True Lies wasn’t just the title of the hit Schwarzenegger 90’s action movie, it’s something to ponder. I’ve posed this question previously in this forum, but isn’t the best way to lie to yourself and others with at least a kernel of perceived truth? I can tell you from a comedic standpoint, that a writer can write some asinine crap and have people believe it if only it sounds plausible.

This illustrates a more serious point for our internals we deal with daily. Sure, we can always fool ourselves no matter how diligently we meditate. Sometimes this is the Universe’s best way to teach us as we unravel the layers of our psyche while living our lives. “What would an angel say, the devil wants to know?” (Fiona Apple—Criminal) Fiona raises some naughty, but interestingly incisive questions in this rocking song.

Everyone is discovering new layers of old issues right now, if you’re paying the least bit of attention. This is regardless of where you are in your journey. Much of this layered discovery is due to the tumultuous times we find ourselves in. Feel for the truth in this statement before proceeding with this reading.

Let’s explore some of the ways we may lie to ourselves. Yes, it’s possible to gaslight yourself. Can’t blame everything on the narcissists as much as our knees may jerk in their direction. (I’ve taken portions of the remainder of this paragraph from @anamarialifecoach on Instagram.) “Maybe it’s all in my head, I shouldn’t feel this way, I shouldn’t be upset, I’m sure they didn’t mean it, and I don’t deserve to be happy.”

What’s happening with the statements in the previous paragraph? The short answer is it’s the act of being dismissive with yourself. Nine out of ten psychologists agree that the worst form of abuse is neglect. (I don’t know if this is an actual statistic, but it sounded like a zippy toothpaste commercial in my head.) Now, most of us, even if we’re a wallflower, won’t deal with someone who is dismissive. Heck, I haven’t been back to a local fast-food place, as much as I love their chicken fingers, since the owner upcharged me for a drink I didn’t order and walked off. No plans to go back as long as he owns it. He can keep his chicken fingers that must have been touched by angels. A fountain drink with a cost of ten cents can be very expensive from a certain point of view. I won’t take that crap from that guy over there, so why should I take crap from me ignoring me?

Back to the point @anamarialifecoach had to say on this subject: Remind yourself, as often as it takes, that, “My experiences are real and valid, if it’s sticking with me, then it must be a trigger, even if they didn’t mean it meanly, it still hurt, and my past mistakes don’t define my future.”

I’ll say it like this. Invite every aspect of yourself to the party in your heart. I’ll keep harping on this one point to remind myself and our readers that love is all-inclusive. Yeah, we certainly want the cool kid, life-of-the-party guy to come to the soiree, but we’ll have to invite the geeks and freaks too. Diversity has its challenges, but it’s worth it. In the end, you’ll need to invite the bigoted part of yourself as well. Invite that girl who’s constantly in denial too. Invite the whiners and those annoying people that can’t handle their wine, much less their liquor. Beckon those from their endless, self-righteous quest of being right. Invite the vigilante, for vigilance is best in such times. Invite the glutton that’s going to clean out all the chips and dip before the rest of us has a bite. Invite the criminal, for all they “need is a good defense”. In short, where you feel shame, is an opportunity to heal and grow.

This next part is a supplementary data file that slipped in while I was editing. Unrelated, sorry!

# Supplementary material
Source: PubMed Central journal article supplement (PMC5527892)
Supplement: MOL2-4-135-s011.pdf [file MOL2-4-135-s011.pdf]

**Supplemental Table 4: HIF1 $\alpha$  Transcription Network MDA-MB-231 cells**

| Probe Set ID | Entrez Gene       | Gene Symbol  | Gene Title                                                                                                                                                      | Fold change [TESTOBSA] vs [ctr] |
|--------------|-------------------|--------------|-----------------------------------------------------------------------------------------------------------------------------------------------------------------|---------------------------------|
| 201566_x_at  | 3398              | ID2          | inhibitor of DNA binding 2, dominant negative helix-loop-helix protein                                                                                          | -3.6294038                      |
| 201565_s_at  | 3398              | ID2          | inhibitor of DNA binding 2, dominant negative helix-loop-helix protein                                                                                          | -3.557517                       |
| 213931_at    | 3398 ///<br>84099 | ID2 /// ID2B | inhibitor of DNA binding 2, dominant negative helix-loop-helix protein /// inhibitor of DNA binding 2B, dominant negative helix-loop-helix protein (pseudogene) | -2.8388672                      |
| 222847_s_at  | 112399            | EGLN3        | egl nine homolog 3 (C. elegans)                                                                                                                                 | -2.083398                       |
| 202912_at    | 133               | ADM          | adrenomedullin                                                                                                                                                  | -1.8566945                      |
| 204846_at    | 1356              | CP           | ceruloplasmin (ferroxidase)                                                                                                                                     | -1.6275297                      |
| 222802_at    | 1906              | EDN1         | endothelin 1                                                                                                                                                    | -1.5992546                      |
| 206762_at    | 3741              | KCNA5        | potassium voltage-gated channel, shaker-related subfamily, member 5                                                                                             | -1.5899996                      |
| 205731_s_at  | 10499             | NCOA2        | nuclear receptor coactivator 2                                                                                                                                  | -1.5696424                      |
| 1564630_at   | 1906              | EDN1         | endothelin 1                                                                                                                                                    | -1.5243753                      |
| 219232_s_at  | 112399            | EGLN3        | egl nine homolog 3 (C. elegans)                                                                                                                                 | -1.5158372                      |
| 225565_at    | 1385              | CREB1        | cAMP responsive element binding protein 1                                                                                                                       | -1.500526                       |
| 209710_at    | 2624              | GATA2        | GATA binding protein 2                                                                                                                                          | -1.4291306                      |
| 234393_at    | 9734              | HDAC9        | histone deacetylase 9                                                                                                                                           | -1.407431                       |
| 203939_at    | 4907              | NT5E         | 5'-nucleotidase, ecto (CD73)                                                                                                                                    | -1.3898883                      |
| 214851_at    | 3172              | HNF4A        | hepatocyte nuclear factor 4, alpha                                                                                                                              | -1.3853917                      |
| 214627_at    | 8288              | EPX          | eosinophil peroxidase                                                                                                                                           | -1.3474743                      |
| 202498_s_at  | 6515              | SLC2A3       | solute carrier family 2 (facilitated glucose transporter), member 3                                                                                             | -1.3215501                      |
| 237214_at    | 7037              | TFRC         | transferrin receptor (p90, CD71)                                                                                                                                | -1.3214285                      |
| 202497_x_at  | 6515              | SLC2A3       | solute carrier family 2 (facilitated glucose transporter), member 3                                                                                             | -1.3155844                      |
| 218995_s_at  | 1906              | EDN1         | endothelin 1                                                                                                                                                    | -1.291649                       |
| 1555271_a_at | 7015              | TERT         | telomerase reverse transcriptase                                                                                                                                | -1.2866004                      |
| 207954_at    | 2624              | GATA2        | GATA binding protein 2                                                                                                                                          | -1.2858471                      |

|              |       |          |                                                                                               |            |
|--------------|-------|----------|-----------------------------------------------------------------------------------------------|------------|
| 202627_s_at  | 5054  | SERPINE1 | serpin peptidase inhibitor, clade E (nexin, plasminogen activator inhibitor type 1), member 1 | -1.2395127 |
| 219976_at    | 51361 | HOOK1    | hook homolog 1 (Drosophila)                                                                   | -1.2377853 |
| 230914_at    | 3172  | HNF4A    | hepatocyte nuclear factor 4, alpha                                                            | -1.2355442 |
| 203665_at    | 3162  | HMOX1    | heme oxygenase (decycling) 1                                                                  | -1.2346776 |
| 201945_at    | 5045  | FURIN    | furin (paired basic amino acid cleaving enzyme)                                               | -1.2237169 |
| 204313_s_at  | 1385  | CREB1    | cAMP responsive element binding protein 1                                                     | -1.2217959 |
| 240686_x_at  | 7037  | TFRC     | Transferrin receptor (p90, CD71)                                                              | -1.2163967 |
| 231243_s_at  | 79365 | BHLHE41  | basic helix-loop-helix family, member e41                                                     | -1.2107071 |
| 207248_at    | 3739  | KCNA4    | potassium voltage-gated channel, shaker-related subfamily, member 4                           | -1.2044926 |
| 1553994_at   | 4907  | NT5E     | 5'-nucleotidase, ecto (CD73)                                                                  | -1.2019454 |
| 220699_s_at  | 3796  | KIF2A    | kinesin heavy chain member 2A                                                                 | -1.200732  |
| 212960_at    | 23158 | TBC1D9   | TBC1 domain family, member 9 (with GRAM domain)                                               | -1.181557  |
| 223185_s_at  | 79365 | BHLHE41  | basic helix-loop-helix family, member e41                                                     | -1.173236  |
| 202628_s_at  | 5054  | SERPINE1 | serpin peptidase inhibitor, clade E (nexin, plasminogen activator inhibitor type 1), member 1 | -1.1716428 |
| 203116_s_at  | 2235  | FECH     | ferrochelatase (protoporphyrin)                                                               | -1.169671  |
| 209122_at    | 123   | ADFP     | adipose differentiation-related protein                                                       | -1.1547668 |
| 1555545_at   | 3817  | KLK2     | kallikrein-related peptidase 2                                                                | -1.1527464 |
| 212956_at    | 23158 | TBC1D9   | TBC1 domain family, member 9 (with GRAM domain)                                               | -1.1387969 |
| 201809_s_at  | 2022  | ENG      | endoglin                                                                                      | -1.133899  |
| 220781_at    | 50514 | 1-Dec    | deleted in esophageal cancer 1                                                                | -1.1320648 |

Is what I am proposing here a bridge too far? Fortunately, we’re not talking about Operation Market Garden right before Germany’s last gasp that was the Battle of the Bulge. We are talking about our blessed internals. For if we can heal our own selves on the reg, can we not extrapolate to the rest of the world. It begins with local politics—always. Just by offering a seat at the table of shame, without playing musical chairs,

How many if’s does it take to see yourself in a new, better-adjusted reality? Choose to believe in the power of if. Dare to ask the if questions. Sometimes, just by asking the question, if, is all it takes to bust that bunker mentality. After that, there is no ceiling, but you’ll know where the floor is. Star Trek asked if it’s the franchise can do better and responded with the best of themselves in nearly sixty years of education and entertainment. Strange New Worlds with Captain Pike in the captain’s chair proves old doesn’t mean worn out. Sometimes it takes decades to flesh out the meat of the matter. That’s okay, we’ll all see the finish line in our own ways.

In closing, I’m choosing to see the truth in the lies we’ve all swallowed at one point in time or another. It’s as good of a starting point as any. I believe there’s always a choice to be made even in the face of a seemingly no-win scenario (Kobayashi Maru for you Trekkies out there). That said, I choose to live in a world where facades are crumbling. How else can you “be redeemed to the one you’ve sinned against”?


I’d like to take this opportunity to thank our readers. I received my first letter after my last column, “Changing of the Guard.” It feels good getting feedback. As to that kind feedback, I have a couple of corrections to “Changing of the Guard.” Sgt. Major Martinez was the first male First Sergeant to lead a female recruit company and not the first male drill instructor to lead female recruits. Female recruits have been led by male drill instructors since at least the Korean War. Also, the Marine Corps slogan should have read, “No greater friend, no worse enemy.” Thanks so much and please feel free to write to us at Lowcountry Weekly with respectful comments, questions, and even suggestions for future columns. Much love and appreciation.